After a federal court last week ordered North Carolina’s legislature to draw new, legal boundaries for nine state Senate districts and 10 House ones, newly designated state House Whip Jon Hardister (R-Guilford) was quick to respond to a comment on his Facebook page about his party’s plans for a response.

He called the ruling “appalling,” and pledged to appeal the decision and “stand our ground to activist judges.” And to his credit, he engaged in some back-and-forth on the thread with both supporters and detractors before things hit critical mass about 12 hours later.

Forget for a moment that Hardister has been trying to push his HB 92, an independent redistricting bill — one that would de-politicize the practice by using an independent commission to draw the lines — through the House since 2015. Remember instead that he has just been elected House whip.

Remember too, that Hardister’s District 59 was one of the ones that flipped after the 2011 GOP redistricting, when its former Democratic representative, Maggie Jeffus, got double-bunked with Rep. Pricey Harrison, both Democrats.

District 59, now covering most of eastern Guilford County, is not one of the ones declared illegal by the court. But all the ones around it — Harrison’s District 57, covering the northeast quadrant of Greensboro; Rep. Cecil Brockman’s District 60, which has portions of east-central High Point and southwest Greensboro connected by a thin sliver along Interstate 86; and the great chunk of Greensboro that is District 58, which is now Rep. Chris Sgro’s turf but will pass over to Amos Quick in the new term — made the list.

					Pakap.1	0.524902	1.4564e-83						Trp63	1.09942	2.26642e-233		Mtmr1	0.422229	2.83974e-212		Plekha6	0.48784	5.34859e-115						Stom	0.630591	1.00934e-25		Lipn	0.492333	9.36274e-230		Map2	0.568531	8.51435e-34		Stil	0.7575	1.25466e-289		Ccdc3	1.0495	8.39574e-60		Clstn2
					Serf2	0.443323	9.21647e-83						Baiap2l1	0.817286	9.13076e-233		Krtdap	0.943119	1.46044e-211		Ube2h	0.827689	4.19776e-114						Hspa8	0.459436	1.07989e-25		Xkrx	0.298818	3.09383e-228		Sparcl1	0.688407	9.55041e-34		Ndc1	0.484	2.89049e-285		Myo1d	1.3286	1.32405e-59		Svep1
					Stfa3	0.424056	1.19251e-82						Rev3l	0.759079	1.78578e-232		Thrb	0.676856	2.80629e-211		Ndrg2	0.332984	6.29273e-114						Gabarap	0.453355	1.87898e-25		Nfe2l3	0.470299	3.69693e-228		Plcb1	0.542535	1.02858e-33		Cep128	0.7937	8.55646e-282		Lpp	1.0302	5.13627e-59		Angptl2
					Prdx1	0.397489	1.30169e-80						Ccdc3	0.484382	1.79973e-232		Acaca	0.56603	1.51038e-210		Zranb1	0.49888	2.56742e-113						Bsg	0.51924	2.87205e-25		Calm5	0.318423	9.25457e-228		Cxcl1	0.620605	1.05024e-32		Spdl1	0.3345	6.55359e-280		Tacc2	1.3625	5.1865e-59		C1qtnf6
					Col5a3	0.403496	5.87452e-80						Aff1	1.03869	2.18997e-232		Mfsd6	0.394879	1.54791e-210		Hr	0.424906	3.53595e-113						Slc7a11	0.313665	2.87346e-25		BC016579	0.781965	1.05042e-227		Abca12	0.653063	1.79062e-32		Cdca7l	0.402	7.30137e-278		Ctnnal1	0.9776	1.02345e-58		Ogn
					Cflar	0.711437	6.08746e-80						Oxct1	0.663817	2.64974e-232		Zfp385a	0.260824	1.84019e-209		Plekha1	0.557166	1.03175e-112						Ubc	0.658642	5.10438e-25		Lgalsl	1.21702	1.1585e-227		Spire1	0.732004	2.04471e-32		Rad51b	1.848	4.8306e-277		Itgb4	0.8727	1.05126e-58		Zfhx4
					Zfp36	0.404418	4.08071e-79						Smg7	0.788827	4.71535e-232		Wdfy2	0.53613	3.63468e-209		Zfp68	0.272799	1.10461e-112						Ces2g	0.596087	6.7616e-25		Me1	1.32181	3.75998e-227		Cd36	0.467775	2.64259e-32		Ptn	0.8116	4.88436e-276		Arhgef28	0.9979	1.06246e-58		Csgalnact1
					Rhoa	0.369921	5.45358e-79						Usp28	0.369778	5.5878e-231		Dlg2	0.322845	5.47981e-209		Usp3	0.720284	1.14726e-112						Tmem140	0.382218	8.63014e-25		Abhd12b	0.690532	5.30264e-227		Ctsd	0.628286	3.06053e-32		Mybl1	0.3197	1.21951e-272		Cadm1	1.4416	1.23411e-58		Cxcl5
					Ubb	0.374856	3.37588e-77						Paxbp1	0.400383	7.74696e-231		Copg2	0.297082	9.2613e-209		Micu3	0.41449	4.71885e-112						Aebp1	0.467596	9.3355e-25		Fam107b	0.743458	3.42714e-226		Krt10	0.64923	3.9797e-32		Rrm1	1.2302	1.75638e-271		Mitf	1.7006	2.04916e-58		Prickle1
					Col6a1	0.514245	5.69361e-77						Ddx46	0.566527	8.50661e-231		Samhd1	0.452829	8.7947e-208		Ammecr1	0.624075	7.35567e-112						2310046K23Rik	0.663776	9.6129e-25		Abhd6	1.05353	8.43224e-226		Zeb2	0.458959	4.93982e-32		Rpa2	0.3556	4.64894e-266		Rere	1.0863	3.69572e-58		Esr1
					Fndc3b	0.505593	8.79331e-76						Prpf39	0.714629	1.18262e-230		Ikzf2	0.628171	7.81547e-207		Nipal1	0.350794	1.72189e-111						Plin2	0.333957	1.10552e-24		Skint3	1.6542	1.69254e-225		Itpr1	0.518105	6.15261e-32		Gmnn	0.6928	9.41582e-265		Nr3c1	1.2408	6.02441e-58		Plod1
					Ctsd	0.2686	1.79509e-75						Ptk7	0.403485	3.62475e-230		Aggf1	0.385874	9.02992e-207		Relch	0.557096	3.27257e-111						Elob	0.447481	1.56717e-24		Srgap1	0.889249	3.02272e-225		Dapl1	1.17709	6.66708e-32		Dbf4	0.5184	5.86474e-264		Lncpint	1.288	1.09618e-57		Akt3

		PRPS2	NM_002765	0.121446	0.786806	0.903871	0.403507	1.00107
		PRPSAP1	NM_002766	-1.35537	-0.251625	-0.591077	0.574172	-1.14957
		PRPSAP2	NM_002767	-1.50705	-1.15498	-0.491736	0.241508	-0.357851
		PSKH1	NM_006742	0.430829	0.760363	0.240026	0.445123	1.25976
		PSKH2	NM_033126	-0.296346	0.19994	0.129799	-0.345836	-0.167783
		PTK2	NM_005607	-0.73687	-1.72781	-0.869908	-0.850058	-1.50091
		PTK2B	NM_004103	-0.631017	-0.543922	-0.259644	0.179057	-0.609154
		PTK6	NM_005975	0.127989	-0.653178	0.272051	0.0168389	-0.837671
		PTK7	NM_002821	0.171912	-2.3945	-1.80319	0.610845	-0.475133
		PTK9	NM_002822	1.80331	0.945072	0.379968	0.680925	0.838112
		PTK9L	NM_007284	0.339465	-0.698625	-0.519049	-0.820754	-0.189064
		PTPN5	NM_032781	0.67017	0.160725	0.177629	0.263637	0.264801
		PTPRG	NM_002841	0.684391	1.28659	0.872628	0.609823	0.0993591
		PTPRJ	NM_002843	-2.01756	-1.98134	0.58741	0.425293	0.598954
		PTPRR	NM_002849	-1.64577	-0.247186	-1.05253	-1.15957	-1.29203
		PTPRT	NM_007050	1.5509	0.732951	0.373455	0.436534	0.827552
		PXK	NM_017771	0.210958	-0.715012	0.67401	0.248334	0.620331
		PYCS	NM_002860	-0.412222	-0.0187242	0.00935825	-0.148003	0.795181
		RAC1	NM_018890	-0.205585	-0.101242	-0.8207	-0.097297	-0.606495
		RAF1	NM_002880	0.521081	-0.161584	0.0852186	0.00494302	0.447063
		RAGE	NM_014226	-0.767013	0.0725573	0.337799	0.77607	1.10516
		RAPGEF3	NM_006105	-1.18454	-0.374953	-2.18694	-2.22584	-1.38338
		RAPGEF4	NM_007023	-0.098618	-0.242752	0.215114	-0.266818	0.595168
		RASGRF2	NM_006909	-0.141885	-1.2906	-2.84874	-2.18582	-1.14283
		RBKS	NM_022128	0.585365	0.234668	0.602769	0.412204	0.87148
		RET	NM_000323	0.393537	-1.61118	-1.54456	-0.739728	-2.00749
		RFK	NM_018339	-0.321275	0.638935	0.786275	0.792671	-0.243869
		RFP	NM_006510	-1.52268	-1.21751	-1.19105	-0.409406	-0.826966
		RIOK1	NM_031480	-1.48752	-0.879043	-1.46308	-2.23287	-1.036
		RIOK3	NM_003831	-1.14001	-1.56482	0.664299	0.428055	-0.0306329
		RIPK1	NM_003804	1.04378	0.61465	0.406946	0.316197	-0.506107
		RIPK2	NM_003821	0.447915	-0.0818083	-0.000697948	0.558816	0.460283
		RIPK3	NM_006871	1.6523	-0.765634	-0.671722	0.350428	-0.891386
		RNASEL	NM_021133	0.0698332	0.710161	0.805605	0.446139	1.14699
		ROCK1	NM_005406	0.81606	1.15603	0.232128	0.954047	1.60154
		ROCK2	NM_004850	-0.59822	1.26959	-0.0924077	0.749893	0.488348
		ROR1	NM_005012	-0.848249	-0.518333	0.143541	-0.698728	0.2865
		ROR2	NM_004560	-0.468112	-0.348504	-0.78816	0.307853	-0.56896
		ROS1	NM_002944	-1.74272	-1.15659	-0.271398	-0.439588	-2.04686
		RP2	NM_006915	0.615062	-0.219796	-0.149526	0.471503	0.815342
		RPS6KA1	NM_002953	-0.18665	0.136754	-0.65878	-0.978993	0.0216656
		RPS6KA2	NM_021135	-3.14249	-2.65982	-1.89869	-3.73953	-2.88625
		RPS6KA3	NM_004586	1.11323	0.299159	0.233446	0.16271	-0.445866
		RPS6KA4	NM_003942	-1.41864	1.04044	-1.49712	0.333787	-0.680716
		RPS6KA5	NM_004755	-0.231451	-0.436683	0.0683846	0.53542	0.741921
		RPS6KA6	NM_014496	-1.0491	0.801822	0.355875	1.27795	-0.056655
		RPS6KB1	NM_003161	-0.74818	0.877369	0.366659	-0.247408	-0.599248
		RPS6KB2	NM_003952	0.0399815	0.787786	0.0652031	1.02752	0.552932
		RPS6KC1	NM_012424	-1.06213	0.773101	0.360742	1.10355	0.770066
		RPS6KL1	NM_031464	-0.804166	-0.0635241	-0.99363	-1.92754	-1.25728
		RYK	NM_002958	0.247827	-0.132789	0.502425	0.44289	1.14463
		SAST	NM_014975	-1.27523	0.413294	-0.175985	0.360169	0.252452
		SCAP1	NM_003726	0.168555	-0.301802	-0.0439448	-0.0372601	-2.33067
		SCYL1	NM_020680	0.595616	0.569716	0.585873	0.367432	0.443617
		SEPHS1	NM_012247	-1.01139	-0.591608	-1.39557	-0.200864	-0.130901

The judges’ opinion called for special elections in the fall for all new districts, and while some across the state may not be altered, re-cutting a district is a tricky business, a zero-sum game, and it’s unfathomable that Hardister’s district will remain intact.

Of the state’s 50 Senate districts, just 19 have been deemed illegal. The ones that matter in the Triad are repped by Sen. Gladys Robinson in District 28, which captures much of the African-American population of Greensboro and High Point, and Sen. Paul Lowe inDistrict 3, which covers similar ground in Winston-Salem.

They’ve all got to be redrawn by March, followed almost immediately by a primary in May and then one barn-burner of an odd-year election.

Just as with the special Congressional election earlier this year, we could be looking at dozens of candidates, and it’s possible that an entirely new balance of power could be established in Raleigh, one a little less concerned with disrupting elections and where people go to the bathroom.


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